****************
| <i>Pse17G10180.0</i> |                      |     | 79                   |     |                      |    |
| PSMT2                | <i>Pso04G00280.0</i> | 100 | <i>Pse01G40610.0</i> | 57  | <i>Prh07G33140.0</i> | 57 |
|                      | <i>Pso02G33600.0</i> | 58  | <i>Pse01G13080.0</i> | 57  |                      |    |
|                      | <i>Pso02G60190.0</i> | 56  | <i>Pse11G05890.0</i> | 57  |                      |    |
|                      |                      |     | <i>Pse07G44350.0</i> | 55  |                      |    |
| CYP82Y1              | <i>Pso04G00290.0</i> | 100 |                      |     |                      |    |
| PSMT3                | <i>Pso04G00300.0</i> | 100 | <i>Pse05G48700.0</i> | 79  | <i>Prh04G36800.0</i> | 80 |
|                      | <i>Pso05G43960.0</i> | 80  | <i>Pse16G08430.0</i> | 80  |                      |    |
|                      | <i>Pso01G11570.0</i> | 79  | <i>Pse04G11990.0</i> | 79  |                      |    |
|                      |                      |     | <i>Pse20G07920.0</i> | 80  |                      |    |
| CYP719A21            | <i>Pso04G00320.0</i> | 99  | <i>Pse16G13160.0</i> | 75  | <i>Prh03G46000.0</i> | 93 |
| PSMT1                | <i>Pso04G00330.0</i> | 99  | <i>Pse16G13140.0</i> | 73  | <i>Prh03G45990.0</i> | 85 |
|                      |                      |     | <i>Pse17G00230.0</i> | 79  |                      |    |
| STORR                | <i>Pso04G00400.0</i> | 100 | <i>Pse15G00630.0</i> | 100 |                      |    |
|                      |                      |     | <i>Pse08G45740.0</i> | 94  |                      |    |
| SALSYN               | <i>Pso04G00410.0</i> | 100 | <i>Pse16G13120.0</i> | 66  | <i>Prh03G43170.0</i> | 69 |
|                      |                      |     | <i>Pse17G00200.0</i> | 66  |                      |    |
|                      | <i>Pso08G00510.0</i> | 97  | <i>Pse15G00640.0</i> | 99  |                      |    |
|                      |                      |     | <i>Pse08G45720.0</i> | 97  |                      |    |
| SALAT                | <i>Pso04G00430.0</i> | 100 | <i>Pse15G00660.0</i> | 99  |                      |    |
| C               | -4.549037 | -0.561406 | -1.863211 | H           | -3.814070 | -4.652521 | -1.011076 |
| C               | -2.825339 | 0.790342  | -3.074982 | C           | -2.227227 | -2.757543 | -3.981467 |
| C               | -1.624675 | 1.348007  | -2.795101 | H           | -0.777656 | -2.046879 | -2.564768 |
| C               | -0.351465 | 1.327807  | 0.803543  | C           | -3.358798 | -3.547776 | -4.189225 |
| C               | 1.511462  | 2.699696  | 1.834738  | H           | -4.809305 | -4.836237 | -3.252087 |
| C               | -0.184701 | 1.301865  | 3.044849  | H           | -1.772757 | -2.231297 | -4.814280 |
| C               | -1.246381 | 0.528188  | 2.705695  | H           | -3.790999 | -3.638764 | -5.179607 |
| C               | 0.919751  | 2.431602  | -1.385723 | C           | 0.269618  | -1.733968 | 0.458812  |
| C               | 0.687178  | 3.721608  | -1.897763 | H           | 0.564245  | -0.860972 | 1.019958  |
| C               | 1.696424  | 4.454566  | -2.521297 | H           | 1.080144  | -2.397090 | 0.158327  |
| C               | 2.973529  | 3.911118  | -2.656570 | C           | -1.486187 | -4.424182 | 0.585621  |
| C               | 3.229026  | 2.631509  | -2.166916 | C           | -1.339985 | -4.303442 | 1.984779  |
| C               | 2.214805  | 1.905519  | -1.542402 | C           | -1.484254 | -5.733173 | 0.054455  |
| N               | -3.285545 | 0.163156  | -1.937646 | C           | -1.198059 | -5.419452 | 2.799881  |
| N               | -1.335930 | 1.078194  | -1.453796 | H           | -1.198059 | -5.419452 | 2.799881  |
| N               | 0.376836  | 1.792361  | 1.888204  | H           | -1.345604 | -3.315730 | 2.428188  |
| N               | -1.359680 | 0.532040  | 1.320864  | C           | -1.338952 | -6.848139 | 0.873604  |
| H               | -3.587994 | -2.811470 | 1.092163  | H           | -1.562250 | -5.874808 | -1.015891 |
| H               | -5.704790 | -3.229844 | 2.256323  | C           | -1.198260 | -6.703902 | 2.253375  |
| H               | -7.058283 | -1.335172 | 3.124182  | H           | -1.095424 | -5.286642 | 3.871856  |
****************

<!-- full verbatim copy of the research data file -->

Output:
| <i>Pse17G10180.0</i> |                      |     | 79                   |     |                      |    |
| PSMT2                | <i>Pso04G00280.0</i> | 100 | <i>Pse01G40610.0</i> | 57  | <i>Prh07G33140.0</i> | 57 |
|                      | <i>Pso02G33600.0</i> | 58  | <i>Pse01G13080.0</i> | 57  |                      |    |
|                      | <i>Pso02G60190.0</i> | 56  | <i>Pse11G05890.0</i> | 57  |                      |    |
|                      |                      |     | <i>Pse07G44350.0</i> | 55  |                      |    |
| CYP82Y1              | <i>Pso04G00290.0</i> | 100 |                      |     |                      |    |
| PSMT3                | <i>Pso04G00300.0</i> | 100 | <i>Pse05G48700.0</i> | 79  | <i>Prh04G36800.0</i> | 80 |
|                      | <i>Pso05G43960.0</i> | 80  | <i>Pse16G08430.0</i> | 80  |                      |    |
|                      | <i>Pso01G11570.0</i> | 79  | <i>Pse04G11990.0</i> | 79  |                      |    |
|                      |                      |     | <i>Pse20G07920.0</i> | 80  |                      |    |
| CYP719A21            | <i>Pso04G00320.0</i> | 99  | <i>Pse16G13160.0</i> | 75  | <i>Prh03G46000.0</i> | 93 |
| PSMT1                | <i>Pso04G00330.0</i> | 99  | <i>Pse16G13140.0</i> | 73  | <i>Prh03G45990.0</i> | 85 |
|                      |                      |     | <i>Pse17G00230.0</i> | 79  |                      |    |
| STORR                | <i>Pso04G00400.0</i> | 100 | <i>Pse15G00630.0</i> | 100 |                      |    |
|                      |                      |     | <i>Pse08G45740.0</i> | 94  |                      |    |
| SALSYN               | <i>Pso04G00410.0</i> | 100 | <i>Pse16G13120.0</i> | 66  | <i>Prh03G43170.0</i> | 69 |
|                      |                      |     | <i>Pse17G00200.0</i> | 66  |                      |    |
|                      | <i>Pso08G00510.0</i> | 97  | <i>Pse15G00640.0</i> | 99  |                      |    |
|                      |                      |     | <i>Pse08G45720.0</i> | 97  |                      |    |
| SALAT                | <i>Pso04G00430.0</i> | 100 | <i>Pse15G00660.0</i> | 99  |                      |    |
| C               | -4.549037 | -0.561406 | -1.863211 | H           | -3.814070 | -4.652521 | -1.011076 |
| C               | -2.825339 | 0.790342  | -3.074982 | C           | -2.227227 | -2.757543 | -3.981467 |
| C               | -1.624675 | 1.348007  | -2.795101 | H           | -0.777656 | -2.046879 | -2.564768 |
| C               | -0.351465 | 1.327807  | 0.803543  | C           | -3.358798 | -3.547776 | -4.189225 |
| C               | 1.511462  | 2.699696  | 1.834738  | H           | -4.809305 | -4.836237 | -3.252087 |
| C               | -0.184701 | 1.301865  | 3.044849  | H           | -1.772757 | -2.231297 | -4.814280 |
| C               | -1.246381 | 0.528188  | 2.705695  | H           | -3.790999 | -3.638764 | -5.179607 |
| C               | 0.919751  | 2.431602  | -1.385723 | C           | 0.269618  | -1.733968 | 0.458812  |
| C               | 0.687178  | 3.721608  | -1.897763 | H           | 0.564245  | -0.860972 | 1.019958  |
| C               | 1.696424  | 4.454566  | -2.521297 | H           | 1.080144  | -2.397090 | 0.158327  |
| C               | 2.973529  | 3.911118  | -2.656570 | C           | -1.486187 | -4.424182 | 0.585621  |
| C               | 3.229026  | 2.631509  | -2.166916 | C           | -1.339985 | -4.303442 | 1.984779  |
| C               | 2.214805  | 1.905519  | -1.542402 | C           | -1.484254 | -5.733173 | 0.054455  |
| N               | -3.285545 | 0.163156  | -1.937646 | C           | -1.198059 | -5.419452 | 2.799881  |
| N               | -1.335930 | 1.078194  | -1.453796 | H           | -1.198059 | -5.419452 | 2.799881  |
| N               | 0.376836  | 1.792361  | 1.888204  | H           | -1.345604 | -3.315730 | 2.428188  |
| N               | -1.359680 | 0.532040  | 1.320864  | C           | -1.338952 | -6.848139 | 0.873604  |
| H               | -3.587994 | -2.811470 | 1.092163  | H           | -1.562250 | -5.874808 | -1.015891 |
| H               | -5.704790 | -3.229844 | 2.256323  | C           | -1.198260 | -6.703902 | 2.253375  |
| H               | -7.058283 | -1.335172 | 3.124182  | H           | -1.095424 | -5.286642 | 3.871856  |